This construction was confirmed by the Oath Clause of Article II: “I do solemnly swear (or affirm) that I will faithfully execute the Office of President of the United States, and will to the best of my Ability, preserve, protect and defend the Constitution of the United States.” Again, the framers required the President to swear that he will “faithfully execute” those duties charged to him. However, unlike the “Take Care” clause, which is imposed without qualification, the Oath only binds the President “to the best of [his] Ability.” In this sense, the imperative to “preserve, protect and defend the Constitution of the United States,” though it must be “faithfully executed,” exists to a lesser degree—to the “best of my Ability.” In contrast, the New York Constitution of 1777 provided that the governor is “to take care that the laws are faithfully executed to the best of his ability.” Further, the “Take Care” clause did not include language such as “shall think proper,” as this optional language is used in the adjournment clause. The duty looks to one of faith. This understanding was further confirmed in the ratification conventions.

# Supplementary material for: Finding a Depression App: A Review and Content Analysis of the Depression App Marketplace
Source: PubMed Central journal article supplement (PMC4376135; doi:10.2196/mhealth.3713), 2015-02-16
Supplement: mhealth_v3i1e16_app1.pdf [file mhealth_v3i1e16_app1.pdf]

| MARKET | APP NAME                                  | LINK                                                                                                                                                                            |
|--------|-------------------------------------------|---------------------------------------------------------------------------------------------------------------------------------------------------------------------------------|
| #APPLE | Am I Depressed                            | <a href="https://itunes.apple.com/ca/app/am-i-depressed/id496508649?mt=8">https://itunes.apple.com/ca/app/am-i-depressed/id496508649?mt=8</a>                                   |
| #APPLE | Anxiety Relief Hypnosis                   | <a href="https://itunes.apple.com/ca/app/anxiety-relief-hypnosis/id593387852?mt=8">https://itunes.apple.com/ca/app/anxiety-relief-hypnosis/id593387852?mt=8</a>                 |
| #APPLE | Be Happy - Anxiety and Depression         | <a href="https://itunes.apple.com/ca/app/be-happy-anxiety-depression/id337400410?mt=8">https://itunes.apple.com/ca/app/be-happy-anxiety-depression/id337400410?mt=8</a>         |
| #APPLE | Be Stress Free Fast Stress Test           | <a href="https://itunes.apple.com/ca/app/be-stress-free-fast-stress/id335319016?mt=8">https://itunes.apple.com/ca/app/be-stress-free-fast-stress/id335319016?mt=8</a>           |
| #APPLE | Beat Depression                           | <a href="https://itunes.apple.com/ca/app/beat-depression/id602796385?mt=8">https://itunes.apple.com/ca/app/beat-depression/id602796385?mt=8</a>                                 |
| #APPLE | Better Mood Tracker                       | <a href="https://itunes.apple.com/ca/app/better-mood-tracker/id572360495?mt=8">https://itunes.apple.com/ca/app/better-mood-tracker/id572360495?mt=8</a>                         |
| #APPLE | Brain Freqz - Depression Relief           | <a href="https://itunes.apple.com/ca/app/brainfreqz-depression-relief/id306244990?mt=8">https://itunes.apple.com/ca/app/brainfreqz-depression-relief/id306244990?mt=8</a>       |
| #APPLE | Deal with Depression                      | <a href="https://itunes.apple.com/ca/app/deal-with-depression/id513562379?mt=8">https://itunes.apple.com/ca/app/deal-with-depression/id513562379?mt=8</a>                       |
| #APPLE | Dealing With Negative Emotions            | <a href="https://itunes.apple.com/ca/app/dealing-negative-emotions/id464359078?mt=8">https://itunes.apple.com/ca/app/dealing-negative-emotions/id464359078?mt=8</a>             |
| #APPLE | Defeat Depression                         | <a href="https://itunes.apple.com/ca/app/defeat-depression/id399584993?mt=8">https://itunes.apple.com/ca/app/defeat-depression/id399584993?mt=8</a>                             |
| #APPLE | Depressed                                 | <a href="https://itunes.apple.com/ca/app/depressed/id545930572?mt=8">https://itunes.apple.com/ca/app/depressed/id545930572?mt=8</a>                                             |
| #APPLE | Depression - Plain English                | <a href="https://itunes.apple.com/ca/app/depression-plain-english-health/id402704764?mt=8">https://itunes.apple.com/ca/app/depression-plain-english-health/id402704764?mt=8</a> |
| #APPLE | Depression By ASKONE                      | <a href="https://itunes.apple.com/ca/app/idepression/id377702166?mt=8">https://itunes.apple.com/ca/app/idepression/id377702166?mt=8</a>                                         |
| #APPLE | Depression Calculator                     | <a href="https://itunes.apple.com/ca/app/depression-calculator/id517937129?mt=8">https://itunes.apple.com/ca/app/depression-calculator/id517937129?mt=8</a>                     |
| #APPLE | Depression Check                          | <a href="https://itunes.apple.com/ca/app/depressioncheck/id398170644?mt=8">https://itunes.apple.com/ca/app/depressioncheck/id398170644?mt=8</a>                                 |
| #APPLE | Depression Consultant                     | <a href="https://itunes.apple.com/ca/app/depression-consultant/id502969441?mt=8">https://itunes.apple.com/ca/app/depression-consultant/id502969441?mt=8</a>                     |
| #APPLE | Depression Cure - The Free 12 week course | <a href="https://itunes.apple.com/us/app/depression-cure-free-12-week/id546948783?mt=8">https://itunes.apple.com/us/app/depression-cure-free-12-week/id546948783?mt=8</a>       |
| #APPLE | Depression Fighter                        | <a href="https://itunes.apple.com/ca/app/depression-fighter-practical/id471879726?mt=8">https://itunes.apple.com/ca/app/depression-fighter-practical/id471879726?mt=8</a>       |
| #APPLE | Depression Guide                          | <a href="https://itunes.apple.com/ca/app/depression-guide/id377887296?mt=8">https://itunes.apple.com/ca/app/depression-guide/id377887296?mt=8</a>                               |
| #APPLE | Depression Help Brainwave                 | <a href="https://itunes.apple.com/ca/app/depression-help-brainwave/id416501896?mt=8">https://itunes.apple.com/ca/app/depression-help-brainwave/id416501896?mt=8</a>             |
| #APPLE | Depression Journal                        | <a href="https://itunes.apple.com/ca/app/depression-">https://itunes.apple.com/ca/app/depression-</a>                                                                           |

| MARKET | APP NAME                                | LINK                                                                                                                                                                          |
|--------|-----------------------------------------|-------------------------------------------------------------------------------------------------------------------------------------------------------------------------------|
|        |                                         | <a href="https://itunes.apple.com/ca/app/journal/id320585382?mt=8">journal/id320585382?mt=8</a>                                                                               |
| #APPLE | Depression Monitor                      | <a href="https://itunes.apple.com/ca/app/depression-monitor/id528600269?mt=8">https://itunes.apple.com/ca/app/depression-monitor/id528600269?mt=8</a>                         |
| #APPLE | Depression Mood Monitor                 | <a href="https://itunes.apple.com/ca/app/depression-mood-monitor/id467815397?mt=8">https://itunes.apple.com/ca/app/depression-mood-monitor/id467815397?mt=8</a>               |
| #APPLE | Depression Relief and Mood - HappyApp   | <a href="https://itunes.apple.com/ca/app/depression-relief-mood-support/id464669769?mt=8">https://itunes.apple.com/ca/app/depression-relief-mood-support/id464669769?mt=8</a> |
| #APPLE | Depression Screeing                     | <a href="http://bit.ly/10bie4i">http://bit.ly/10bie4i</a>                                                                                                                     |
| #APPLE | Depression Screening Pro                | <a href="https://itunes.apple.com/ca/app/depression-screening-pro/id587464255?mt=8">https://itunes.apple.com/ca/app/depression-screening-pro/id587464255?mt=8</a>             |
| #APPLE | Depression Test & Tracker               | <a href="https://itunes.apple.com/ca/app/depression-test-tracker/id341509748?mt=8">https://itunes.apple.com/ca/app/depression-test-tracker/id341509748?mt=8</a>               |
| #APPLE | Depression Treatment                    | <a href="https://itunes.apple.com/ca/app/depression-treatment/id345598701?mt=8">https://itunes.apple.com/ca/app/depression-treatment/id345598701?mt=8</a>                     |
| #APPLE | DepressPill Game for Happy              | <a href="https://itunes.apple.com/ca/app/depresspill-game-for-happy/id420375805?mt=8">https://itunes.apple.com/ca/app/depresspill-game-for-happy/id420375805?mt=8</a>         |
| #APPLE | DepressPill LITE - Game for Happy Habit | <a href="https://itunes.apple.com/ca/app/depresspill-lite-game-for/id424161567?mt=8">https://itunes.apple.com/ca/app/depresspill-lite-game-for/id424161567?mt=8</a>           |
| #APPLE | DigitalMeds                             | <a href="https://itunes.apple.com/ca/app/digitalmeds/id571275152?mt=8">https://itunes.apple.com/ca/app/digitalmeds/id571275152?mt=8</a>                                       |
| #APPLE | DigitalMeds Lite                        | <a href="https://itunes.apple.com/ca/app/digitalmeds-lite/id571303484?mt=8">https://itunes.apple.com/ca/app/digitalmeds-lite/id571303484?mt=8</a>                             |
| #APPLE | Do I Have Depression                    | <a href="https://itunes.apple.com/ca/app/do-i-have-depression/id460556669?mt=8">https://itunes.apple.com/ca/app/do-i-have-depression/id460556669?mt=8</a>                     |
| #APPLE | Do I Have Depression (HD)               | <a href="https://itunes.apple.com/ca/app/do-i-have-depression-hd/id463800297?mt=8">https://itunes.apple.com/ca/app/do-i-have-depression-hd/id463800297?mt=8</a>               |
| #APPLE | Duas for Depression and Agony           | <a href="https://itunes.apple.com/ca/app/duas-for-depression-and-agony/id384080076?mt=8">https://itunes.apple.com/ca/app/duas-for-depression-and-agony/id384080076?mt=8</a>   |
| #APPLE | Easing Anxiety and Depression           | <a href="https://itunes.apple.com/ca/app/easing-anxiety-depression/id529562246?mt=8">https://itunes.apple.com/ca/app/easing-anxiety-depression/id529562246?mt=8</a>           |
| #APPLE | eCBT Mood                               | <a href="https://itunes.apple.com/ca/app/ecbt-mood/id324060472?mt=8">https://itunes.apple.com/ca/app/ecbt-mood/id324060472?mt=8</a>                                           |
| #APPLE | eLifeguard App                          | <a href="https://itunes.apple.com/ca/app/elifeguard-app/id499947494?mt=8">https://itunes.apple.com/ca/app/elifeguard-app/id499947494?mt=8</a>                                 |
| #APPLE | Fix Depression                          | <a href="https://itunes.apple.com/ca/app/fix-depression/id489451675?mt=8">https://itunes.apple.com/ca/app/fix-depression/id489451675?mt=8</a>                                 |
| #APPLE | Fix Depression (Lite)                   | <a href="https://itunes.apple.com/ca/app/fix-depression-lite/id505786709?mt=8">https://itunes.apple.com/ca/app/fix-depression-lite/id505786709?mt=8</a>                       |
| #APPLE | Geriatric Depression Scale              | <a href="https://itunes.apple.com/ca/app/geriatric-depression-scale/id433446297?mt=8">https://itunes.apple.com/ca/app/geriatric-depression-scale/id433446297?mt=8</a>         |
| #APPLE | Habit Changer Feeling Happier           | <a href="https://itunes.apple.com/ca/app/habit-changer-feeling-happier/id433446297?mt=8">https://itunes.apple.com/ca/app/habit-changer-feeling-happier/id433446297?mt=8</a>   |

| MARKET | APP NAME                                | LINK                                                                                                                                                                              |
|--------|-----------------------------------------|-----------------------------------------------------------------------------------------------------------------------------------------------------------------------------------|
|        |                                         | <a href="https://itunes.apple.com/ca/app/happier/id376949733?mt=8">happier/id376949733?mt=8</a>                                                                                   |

At the Pennsylvania Ratification Convention, James Wilson—himself a member of the Constitutional Convention and a future Supreme Court Justice—explained the relationship between the President and Congress: “It is not meant here that the laws shall be a dead letter; it is meant, that they shall be carefully and duly considered, before they are enacted; and that then they shall be honestly and faithfully executed.” Wilson equates the duty of “faithfulness” with that of “honesty.” Ten days later, Wilson stressed that the “Take Care” clause was “another power of no small magnitude entrusted to this officer,” the President.